What such a policy doesn’t take into account is the effect the future can have on the present — the effect that what happens at a later time can have on what happens at a previous time. And it sounds pretty sensible to leave that out of account, since the alternative is to believe in backwards causation.
One last point: in Economy and the Future, Jean-Pierre Dupuy proposes to advocate one-boxing the Newcomb problem by invoking a notion of non-causal dependence, which he calls “counterfactual determination”. While later causes cannot bring about earlier effects, later events can counterfactually determine previous events. By choosing one box, one counterfactually determines that the Predictor has put the big prize in it; by choosing two, one counterfactually determines that the Predictor has left the big prize out.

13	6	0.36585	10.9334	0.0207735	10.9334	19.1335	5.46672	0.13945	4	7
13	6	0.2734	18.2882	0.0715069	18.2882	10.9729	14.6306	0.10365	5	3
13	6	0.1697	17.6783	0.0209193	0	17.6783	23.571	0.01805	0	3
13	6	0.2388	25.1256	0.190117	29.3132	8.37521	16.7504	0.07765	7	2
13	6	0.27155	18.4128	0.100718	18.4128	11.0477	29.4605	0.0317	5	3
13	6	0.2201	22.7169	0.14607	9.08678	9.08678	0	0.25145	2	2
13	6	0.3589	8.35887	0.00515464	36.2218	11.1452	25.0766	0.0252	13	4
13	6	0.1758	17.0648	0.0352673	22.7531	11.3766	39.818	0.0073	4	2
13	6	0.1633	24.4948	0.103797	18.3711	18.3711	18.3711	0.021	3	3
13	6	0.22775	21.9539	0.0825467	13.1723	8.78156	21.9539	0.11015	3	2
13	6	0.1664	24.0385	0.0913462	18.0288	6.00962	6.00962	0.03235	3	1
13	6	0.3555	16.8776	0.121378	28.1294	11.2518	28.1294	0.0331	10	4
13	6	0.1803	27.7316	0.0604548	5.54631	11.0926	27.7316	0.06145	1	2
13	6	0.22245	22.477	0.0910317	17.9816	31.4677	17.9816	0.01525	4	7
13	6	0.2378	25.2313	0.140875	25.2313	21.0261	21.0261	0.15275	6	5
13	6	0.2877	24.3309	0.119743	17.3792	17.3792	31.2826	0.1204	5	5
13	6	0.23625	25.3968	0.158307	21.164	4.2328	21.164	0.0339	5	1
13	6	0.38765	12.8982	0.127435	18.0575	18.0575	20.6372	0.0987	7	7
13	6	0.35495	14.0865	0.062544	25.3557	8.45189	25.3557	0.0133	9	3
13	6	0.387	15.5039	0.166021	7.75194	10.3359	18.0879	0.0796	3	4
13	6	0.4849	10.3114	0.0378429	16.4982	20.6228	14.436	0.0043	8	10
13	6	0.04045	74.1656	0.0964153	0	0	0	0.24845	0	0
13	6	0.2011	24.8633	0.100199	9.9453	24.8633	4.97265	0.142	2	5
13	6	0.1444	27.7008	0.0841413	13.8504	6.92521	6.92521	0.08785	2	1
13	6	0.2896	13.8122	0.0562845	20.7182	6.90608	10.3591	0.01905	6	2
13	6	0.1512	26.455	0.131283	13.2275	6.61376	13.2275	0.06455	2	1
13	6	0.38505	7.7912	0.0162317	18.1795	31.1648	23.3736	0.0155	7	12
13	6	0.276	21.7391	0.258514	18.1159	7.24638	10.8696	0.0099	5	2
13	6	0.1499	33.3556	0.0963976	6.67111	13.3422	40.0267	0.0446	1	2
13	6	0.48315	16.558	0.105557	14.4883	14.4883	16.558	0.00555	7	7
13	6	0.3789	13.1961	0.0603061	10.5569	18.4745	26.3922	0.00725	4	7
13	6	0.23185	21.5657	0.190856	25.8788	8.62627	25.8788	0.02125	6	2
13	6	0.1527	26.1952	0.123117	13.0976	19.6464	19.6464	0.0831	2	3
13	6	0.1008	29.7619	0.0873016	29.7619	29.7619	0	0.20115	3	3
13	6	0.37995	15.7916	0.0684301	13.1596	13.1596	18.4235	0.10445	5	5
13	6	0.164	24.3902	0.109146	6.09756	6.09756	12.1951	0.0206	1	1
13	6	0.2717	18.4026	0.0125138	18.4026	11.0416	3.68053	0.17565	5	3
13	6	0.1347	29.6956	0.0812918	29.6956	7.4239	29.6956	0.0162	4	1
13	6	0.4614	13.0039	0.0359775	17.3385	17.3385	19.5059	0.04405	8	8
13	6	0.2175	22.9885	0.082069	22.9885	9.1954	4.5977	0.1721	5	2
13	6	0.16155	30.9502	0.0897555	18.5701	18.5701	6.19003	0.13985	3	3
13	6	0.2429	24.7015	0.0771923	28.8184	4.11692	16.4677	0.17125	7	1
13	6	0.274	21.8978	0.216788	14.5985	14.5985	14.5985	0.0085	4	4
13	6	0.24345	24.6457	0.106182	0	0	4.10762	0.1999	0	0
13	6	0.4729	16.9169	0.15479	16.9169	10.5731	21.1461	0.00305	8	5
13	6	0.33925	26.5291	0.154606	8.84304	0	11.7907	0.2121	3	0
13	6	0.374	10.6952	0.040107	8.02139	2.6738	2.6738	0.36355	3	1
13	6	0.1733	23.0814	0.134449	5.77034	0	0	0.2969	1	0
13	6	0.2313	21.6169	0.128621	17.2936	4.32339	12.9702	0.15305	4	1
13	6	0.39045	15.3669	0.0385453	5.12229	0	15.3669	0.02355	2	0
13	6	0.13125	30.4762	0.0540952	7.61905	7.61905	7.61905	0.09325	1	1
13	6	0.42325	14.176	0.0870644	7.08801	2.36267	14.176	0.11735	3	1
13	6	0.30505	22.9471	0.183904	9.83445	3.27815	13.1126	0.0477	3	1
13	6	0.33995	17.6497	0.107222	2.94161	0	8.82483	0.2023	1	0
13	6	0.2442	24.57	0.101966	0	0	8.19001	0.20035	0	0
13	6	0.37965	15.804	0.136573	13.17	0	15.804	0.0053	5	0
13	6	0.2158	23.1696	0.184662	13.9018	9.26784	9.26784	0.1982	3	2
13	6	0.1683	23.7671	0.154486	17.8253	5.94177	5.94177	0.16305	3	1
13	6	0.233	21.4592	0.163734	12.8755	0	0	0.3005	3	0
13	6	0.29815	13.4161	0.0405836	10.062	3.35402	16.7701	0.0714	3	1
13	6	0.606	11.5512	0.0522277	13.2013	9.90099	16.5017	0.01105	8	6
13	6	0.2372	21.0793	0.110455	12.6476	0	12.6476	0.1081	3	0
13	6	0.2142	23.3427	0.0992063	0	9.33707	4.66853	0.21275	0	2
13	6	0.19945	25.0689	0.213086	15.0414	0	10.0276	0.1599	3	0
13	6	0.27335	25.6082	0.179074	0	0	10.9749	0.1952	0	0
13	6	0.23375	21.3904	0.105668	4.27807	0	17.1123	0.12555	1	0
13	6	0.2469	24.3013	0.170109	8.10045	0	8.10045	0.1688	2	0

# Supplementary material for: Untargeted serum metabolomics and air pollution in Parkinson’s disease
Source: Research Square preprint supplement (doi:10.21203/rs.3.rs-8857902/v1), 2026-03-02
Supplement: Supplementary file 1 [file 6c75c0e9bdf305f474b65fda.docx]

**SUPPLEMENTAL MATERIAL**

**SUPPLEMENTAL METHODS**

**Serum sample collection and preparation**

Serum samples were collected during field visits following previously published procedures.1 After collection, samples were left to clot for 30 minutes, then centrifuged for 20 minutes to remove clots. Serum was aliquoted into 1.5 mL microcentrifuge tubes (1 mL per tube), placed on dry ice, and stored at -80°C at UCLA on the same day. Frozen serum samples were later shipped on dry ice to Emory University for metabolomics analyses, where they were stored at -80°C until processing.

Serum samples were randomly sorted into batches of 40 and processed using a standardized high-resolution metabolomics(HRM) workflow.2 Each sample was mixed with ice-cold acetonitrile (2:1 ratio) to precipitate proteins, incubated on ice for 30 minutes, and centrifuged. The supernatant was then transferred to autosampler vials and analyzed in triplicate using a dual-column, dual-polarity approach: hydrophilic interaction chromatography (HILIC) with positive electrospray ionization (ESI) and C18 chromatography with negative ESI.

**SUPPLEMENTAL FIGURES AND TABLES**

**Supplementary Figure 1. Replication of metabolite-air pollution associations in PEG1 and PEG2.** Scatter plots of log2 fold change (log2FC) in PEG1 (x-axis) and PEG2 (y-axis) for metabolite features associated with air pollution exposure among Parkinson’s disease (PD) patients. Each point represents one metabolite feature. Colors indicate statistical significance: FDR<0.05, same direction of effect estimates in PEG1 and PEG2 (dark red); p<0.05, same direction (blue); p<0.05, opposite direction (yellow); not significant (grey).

To me, this just looks like backwards causation wearing a semantic disguise. And so does “the expectations mechanism”. Dupuy and KP, to my mind, make the same mistake. It is possible to perfectly predict the future, but this does not show that something in the future has caused or ‘determined’ the prediction. All it shows is that features of the present, detectable by the predictor, are such as to guarantee a certain future.
A wise policymaker will take into account the effects her policy will have on such features. These will include the expectations people have of future policy which then dictate their behaviour. But taking these into account is perfectly consistent with policy based on optimal control theory. So either KP’s argument is invalid or backwards causation is both intelligible and real.